In family law in England and Wales, an undertaking is a formal, legally binding promise or commitment made by one party to a family law case to the court, the other party, or both. Undertakings are often used in various family law matters to address specific issues, ensure compliance with court orders, or establish certain conditions. They are a means of providing assurance that a particular action or behaviour will be carried out.
Common examples of undertakings in family law include:
Undertaking Not to Harass or Molest: In cases involving harassment, domestic violence, or child protection, a party may give an undertaking not to harass, molest, or contact the other party or the children involved.
Undertaking to Pay Financial Support: Parties may provide undertakings to make financial payments, such as child support or spousal maintenance, which are legally enforceable and carry penalties for non-compliance.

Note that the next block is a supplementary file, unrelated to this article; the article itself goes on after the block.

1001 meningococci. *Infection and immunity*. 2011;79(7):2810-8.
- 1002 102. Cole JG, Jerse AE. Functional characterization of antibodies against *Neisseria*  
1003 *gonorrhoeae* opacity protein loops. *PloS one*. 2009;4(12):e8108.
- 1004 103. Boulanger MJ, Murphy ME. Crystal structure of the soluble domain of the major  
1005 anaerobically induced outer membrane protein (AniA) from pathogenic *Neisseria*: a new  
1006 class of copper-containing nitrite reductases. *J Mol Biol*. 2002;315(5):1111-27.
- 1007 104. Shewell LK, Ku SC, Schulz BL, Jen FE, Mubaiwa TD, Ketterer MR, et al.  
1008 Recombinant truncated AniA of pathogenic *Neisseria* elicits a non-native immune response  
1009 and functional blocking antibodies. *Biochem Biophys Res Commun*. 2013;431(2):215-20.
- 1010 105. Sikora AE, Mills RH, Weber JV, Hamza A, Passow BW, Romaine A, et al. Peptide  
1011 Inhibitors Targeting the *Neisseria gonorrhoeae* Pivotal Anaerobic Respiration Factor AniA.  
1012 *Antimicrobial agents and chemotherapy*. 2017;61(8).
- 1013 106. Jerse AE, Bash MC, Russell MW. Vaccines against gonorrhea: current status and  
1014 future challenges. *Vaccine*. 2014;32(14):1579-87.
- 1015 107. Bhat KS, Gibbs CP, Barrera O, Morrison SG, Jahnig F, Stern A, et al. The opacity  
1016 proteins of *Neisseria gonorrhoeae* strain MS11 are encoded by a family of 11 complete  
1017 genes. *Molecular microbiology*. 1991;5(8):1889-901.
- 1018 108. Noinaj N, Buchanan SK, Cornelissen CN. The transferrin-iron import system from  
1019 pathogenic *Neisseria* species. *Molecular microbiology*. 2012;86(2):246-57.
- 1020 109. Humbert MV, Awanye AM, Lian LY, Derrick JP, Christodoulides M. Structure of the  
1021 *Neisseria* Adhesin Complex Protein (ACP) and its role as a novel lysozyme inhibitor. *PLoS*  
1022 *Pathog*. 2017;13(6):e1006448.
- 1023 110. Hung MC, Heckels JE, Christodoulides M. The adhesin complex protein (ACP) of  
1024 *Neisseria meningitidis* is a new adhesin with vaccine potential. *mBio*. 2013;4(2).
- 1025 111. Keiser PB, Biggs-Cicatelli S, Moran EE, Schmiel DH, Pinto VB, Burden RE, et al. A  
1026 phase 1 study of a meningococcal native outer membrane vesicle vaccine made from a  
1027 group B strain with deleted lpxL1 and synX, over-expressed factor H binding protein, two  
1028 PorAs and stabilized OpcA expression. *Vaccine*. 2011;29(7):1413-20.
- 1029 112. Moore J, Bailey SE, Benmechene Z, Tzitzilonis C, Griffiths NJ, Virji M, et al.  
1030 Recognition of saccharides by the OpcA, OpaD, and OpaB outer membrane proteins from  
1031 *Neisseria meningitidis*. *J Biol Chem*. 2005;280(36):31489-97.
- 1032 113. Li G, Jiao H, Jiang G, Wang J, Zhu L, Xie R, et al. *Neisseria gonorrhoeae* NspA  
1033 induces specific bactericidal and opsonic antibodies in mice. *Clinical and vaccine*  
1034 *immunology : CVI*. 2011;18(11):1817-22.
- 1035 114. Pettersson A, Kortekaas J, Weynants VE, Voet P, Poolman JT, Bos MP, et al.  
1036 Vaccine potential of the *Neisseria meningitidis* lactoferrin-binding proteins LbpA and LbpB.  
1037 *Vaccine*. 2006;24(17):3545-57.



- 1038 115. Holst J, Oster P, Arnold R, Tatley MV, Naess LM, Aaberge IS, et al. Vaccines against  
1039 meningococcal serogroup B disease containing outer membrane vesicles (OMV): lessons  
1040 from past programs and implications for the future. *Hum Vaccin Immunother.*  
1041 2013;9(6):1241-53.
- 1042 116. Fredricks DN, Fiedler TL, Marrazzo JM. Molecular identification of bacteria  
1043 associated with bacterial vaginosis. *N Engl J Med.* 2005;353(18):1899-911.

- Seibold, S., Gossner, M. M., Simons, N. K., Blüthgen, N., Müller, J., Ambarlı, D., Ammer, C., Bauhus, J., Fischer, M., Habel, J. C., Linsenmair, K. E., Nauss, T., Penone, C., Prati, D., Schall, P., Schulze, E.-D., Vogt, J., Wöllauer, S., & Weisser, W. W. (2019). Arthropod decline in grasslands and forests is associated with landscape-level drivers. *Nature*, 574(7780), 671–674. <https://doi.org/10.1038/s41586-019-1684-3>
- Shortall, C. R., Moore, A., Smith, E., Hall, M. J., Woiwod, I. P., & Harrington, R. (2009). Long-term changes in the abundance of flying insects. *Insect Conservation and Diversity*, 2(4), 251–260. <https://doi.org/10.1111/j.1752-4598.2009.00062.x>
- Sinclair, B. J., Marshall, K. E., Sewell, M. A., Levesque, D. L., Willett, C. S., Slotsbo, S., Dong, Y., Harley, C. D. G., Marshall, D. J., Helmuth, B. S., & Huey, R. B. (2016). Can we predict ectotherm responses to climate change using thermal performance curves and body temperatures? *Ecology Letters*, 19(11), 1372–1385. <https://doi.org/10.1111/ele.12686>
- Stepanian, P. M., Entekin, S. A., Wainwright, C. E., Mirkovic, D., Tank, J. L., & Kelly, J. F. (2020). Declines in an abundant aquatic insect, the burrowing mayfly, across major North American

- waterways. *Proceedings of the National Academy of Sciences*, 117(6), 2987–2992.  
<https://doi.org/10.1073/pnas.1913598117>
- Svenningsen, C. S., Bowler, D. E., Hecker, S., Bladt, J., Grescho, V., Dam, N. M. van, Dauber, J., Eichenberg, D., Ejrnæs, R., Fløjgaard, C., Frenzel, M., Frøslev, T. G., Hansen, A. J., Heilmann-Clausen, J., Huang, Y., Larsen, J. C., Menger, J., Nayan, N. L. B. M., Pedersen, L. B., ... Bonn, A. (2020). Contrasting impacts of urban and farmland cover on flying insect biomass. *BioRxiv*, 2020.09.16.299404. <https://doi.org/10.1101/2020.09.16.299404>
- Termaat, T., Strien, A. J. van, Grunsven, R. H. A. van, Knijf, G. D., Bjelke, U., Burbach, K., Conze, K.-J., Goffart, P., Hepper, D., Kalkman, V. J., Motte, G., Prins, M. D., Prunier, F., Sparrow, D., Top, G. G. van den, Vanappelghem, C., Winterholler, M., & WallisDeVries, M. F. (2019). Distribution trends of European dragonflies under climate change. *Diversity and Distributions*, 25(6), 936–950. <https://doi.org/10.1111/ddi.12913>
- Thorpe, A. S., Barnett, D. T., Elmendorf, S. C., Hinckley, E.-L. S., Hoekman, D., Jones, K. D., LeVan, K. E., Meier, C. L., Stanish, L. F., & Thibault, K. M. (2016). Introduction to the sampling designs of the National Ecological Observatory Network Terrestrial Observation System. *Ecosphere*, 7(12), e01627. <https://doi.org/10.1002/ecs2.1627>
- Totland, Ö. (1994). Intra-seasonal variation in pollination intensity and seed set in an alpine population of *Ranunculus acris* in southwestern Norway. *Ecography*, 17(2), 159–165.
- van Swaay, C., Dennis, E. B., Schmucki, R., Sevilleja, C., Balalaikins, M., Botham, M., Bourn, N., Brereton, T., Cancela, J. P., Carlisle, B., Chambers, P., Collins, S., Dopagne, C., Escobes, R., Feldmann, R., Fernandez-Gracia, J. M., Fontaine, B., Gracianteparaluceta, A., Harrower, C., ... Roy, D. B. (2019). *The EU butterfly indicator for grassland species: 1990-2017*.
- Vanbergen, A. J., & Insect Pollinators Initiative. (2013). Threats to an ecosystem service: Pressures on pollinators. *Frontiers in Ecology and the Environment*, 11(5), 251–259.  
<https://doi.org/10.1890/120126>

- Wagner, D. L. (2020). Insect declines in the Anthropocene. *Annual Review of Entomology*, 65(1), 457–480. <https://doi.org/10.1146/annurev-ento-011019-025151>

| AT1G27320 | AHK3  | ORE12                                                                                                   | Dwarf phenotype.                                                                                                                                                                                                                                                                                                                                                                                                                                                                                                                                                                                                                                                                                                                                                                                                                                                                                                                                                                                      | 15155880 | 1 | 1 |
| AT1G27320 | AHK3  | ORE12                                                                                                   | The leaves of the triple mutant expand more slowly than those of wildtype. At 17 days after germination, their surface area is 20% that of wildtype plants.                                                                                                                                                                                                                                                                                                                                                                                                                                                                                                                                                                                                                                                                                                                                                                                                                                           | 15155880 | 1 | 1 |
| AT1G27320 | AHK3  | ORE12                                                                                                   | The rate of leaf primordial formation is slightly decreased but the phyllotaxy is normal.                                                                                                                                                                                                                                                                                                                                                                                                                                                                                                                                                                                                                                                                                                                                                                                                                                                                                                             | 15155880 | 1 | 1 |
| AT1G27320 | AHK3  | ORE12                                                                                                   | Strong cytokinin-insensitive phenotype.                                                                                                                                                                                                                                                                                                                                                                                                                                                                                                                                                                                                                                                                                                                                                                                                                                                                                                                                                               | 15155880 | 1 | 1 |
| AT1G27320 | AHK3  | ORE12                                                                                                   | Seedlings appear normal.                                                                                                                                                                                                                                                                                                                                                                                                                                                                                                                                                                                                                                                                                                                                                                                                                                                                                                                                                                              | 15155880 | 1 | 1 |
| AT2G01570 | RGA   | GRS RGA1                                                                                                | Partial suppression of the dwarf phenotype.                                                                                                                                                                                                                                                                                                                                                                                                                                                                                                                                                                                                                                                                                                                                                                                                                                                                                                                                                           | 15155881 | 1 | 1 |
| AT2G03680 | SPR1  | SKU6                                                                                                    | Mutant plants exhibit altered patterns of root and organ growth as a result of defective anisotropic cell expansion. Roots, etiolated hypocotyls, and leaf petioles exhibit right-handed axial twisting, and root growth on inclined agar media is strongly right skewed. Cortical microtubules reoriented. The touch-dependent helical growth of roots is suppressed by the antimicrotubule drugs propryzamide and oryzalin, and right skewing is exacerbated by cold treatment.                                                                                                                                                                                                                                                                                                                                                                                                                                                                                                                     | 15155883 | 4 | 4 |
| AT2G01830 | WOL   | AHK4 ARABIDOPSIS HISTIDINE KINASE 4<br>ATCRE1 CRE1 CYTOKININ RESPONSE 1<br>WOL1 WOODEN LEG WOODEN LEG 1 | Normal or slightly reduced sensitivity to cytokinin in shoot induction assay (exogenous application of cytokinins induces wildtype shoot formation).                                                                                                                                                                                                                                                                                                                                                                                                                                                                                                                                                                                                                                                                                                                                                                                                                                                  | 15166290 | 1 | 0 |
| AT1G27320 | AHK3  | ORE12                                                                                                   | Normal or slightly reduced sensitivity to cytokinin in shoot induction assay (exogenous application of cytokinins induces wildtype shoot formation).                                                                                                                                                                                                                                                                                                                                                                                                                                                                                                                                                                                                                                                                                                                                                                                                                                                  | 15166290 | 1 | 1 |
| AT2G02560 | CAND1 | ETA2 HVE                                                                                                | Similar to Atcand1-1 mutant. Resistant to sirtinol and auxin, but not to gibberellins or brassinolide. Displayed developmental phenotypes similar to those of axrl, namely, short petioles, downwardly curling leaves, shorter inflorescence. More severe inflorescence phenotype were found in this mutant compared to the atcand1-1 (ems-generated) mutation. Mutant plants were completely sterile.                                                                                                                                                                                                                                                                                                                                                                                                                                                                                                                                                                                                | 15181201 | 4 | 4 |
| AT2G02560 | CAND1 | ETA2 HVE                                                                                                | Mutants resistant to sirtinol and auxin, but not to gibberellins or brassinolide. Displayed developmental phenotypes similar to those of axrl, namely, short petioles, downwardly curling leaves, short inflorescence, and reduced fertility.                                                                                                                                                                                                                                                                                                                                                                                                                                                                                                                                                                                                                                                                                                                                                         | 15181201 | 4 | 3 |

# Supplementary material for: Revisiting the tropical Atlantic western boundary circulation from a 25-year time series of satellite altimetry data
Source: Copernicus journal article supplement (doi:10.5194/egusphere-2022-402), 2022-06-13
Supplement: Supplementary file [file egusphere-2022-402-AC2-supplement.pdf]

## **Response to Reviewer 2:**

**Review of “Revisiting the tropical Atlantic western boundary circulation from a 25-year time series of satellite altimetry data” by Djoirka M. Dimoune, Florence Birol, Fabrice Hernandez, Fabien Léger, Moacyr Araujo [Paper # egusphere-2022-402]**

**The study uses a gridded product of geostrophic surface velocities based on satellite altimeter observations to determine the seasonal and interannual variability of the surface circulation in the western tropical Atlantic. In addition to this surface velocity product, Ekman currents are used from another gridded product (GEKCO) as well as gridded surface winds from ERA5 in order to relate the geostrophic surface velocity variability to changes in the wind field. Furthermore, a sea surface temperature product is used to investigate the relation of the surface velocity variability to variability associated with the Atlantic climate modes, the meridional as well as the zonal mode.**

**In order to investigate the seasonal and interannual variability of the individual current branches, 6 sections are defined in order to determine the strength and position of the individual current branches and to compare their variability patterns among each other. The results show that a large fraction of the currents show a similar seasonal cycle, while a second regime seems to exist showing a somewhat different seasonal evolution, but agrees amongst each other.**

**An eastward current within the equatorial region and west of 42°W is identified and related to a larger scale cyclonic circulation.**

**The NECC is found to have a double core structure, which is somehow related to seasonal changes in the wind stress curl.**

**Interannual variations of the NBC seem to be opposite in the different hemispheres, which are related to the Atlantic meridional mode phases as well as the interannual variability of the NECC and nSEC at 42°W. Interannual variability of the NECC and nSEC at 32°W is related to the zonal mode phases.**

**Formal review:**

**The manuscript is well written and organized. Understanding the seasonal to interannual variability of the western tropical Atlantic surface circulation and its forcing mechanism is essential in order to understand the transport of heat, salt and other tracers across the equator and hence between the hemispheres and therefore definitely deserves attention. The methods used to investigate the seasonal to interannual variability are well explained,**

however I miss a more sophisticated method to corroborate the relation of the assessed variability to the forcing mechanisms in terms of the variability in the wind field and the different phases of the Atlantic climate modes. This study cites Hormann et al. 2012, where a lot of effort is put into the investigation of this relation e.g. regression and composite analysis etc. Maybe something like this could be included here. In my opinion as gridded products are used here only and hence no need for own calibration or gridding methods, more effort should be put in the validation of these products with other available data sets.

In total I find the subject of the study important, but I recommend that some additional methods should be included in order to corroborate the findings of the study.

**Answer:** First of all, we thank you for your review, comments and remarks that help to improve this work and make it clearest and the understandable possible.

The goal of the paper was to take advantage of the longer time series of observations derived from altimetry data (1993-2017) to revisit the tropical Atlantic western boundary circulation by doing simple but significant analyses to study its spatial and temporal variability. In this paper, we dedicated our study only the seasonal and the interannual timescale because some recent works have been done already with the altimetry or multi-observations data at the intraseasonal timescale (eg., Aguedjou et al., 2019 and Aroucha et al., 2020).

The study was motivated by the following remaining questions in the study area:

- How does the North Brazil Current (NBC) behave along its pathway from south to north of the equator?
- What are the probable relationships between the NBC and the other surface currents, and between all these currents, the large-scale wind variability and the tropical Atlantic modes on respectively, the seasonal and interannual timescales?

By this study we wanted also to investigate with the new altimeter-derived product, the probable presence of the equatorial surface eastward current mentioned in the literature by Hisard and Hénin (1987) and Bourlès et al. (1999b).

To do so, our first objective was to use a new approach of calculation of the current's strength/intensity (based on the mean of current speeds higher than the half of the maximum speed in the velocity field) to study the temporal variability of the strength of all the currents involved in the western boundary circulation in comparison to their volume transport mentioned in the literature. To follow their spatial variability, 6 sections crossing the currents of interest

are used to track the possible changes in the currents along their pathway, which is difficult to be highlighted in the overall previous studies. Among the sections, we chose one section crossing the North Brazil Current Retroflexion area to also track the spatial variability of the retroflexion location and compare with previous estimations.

Undertaking to Secure Debts or Assets: An individual may offer an undertaking to ensure that a debt is paid or an asset is secured for the benefit of the other party, particularly in financial disputes.
Undertaking to Return a Child: In cases related to child custody or visitation, an undertaking may be given to ensure the prompt return of a child after visitation periods.
Undertaking to Comply with Court Orders: Parties can provide undertakings to commit to following court orders and directions.
Undertakings are taken seriously by the court, and breaching an undertaking can result in legal consequences, including fines, imprisonment, or other sanctions, depending on the nature and severity of the breach. These formal promises provide a practical and effective way to address specific issues and concerns in family law cases, allowing parties to come to mutually agreed-upon solutions while ensuring accountability.